Stem cells to be grown at research centre to treat diabetes-related kidney disease
Published on 17 December 2015
A new centre is being set up by the NHS in Liverpool to produce stem cells for a ground-breaking treatment aiming to combat diabetes-related kidney disease.
Diabetes is the most common cause of end stage kidney disease, and is estimated as the cause of death for around 40,000 people each year. Diabetes-related kidney disease is one of the most serious health problems facing the NHS with an annual bill of £1 billion towards treatment. There are 2.7 million people diagnosed with diabetes in England, a number that is increasing by about 5% per year. Type 1 diabetes makes up around 10% of these cases, with the rest being type 2 diabetes.
NHS Blood and Transplant will produce a special type of stem cell, known as stromal stem cells, for people with diabetes in England and Northern Ireland who are taking part in an international clinical trial. NHS Blood and Transplant will use a bioreactor at its Liverpool site to expand samples of around 20 million stromal cells up to around 800 million cells, ready for use in patients.
The UK-based people taking part in the trial will be treated at University Hospitals Birmingham NHS Foundation Trust and Belfast Health and Social Care Trust. The first training runs for stem cell production in Liverpool began in October 2015. The first treatments are due in early 2016.
Stem cells will be produced to combat diabetes-related kidney disease
Stromal stem cells can separate into a variety of different cell types - for example bone cells, cartilage cells, and fat cells. However, they also have the ability to help control the body’s immune responses.
As part of the trials specific doses of stromal cells will be injected into the bloodstream of people with diabetes to try and slow down or stop the progression of diabetic kidney disease by better regulating the body's response. People with diabetes have high levels of blood sugar, which can lead to a series of reactions that cause the body to reduce blood supply to the kidney, killing off kidney tissue.
Dr Eric Austin, head of Stem Cell Immunotherapy at the Advanced Therapy Unit within the Stem Cells and Immunotherapies department at NHS Blood and Transplant’s site in Speke, Liverpool, said: “This is an exciting project for us to be involved with - especially as the treatment has the potential to lead to life saving outcomes for a major illness. We will be using NHS Blood and Transplants expertise in cellular and molecular therapy - and our extensive scientific and transport network - to play a key role in this international trial.”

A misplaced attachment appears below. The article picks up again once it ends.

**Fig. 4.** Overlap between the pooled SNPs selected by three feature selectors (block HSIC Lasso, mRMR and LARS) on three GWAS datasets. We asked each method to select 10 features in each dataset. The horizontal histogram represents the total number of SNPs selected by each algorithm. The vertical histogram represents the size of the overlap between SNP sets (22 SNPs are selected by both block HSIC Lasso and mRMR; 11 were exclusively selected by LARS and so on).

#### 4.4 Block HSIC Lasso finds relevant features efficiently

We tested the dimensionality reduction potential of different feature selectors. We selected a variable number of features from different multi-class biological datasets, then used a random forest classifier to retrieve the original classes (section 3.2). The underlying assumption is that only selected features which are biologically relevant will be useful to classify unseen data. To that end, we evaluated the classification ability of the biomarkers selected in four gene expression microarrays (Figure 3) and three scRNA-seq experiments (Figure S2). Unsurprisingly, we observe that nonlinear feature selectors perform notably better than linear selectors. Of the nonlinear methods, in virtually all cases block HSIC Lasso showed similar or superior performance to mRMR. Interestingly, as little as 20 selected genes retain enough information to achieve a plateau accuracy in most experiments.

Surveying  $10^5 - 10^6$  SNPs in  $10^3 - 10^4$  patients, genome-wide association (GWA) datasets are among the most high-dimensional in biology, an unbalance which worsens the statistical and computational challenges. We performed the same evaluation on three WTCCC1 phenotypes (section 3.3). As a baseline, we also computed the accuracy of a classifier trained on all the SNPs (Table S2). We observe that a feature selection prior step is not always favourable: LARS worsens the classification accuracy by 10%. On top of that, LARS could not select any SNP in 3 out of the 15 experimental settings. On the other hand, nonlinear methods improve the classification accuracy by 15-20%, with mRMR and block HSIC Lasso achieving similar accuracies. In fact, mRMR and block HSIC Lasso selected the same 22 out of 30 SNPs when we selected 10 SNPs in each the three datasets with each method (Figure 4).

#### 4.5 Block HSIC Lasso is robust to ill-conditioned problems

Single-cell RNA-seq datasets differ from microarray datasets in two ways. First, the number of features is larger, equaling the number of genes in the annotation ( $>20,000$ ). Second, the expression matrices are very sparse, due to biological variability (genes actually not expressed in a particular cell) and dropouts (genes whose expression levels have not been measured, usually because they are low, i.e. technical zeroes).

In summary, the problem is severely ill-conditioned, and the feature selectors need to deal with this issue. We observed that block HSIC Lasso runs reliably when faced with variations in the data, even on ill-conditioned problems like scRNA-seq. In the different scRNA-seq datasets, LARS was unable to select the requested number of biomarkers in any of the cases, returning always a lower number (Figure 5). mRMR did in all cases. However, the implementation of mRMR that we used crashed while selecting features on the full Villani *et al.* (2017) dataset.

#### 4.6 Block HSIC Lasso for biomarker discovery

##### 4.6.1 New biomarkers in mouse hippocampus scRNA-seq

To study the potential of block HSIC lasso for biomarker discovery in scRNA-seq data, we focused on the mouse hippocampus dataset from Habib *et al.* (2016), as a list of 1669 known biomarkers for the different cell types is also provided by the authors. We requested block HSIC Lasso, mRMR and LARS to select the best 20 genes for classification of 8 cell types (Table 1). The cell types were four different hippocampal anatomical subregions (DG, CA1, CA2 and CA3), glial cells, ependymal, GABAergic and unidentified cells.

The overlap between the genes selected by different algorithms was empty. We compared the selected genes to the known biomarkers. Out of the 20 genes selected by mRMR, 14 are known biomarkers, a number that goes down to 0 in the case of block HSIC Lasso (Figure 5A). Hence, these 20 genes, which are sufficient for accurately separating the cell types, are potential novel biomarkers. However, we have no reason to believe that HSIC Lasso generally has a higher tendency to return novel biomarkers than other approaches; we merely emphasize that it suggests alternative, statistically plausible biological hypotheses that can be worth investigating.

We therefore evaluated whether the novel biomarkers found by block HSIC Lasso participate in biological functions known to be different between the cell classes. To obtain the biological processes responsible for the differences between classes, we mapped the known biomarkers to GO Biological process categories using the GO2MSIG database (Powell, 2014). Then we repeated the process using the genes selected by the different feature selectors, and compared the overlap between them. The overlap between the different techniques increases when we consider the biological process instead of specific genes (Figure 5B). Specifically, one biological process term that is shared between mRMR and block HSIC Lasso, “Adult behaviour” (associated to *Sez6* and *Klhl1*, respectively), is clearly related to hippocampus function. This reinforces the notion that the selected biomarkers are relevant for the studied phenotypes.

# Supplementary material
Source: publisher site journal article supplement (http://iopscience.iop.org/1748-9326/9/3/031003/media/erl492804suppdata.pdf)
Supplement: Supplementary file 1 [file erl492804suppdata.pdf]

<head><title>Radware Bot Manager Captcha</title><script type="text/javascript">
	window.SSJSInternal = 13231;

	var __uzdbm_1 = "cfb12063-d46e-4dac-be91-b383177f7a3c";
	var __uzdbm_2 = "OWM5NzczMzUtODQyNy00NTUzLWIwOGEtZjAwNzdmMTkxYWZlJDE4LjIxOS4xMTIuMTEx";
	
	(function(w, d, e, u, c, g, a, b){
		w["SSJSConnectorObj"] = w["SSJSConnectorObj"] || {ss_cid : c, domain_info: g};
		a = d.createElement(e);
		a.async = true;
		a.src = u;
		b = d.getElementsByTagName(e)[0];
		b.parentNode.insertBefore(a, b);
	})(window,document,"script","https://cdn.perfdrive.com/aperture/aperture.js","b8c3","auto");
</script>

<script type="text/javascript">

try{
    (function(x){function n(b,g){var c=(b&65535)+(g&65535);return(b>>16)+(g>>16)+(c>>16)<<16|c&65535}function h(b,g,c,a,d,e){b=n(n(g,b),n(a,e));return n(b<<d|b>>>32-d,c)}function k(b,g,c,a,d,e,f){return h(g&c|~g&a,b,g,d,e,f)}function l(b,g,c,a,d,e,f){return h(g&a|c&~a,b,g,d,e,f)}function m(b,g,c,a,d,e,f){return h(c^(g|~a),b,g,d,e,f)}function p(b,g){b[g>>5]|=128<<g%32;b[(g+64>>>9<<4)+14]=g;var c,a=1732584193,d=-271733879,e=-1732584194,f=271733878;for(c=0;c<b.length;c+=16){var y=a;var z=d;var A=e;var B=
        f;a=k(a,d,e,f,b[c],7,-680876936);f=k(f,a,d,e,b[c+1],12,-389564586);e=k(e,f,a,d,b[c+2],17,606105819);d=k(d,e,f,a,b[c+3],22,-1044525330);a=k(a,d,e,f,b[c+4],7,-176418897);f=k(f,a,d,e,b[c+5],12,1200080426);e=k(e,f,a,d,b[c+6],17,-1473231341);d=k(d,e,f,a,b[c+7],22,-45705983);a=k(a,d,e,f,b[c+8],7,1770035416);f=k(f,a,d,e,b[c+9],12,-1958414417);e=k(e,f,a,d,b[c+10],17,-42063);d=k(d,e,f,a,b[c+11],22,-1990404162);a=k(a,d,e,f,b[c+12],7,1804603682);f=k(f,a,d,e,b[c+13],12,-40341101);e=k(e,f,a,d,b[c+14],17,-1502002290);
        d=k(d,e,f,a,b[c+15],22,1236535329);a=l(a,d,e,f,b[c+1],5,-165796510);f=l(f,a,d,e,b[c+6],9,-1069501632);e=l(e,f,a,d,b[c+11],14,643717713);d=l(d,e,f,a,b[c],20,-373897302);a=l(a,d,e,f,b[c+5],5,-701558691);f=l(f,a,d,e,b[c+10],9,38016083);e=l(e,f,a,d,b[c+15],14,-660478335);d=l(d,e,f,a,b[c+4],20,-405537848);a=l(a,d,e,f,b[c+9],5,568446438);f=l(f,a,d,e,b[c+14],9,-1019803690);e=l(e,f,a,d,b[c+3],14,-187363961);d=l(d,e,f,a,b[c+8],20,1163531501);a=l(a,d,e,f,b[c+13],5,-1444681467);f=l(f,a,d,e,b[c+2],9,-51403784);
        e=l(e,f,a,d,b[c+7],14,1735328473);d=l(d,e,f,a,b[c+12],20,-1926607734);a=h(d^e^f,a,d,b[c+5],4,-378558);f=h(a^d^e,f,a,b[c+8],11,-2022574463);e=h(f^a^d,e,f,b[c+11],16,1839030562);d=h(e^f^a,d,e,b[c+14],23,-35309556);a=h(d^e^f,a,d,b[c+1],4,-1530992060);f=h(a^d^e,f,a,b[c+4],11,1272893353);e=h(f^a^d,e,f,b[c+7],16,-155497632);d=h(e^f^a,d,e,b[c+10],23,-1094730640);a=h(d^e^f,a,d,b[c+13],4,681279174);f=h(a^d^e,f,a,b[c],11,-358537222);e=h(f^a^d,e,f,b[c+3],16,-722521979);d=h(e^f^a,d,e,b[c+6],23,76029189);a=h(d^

The research project, called NEPHSTROM, is led by the National University of Ireland, Galway and Orbsen Therapeutics and has been funded with €6 million (£4.4 million) from the European Union Horizon 2020 programme.
Professor Timothy O’Brien, the project leader, and director of the Regenerative Medicine Institute (REMEDI) at the National University of Ireland Galway, said: “If predictions prove correct, then our healthcare systems are facing a huge task in managing the complications caused by ever-increasing numbers of people with diabetes.
“Chief among such complications will be kidney disease, which has a huge financial cost in terms of current treatments, and takes a massive personal toll on patients. Diabetes is currently the most common cause of end stage kidney disease resulting in the need for dialysis or transplantation. We are confident that by harnessing the most modern approaches in stromal cell therapeutics there may well be a way to halt the progression of diabetic kidney disease using this therapy.”
The results will be measured in terms of improvements in kidney performance as measured by urine and blood samples. If successful, the researchers will see the disease significantly slowed or halted altogether.
Professor Giuseppe Remuzzi, from the Istituto Di Ricerche Farmacologiche Mario Negri in Italy will lead the clinical trial across the four centres. He said: “The clinical experience with stromal cells is still in its infancy, mainly focused on developing novel therapeutic solutions for patients with bone marrow or organ transplantation as well as for those with a small number of autoimmune diseases. NEPHSTROM is a small but intensively studied clinical trial which will allow determination of the effective dose, and how they might function to protect the diabetic kidney.”
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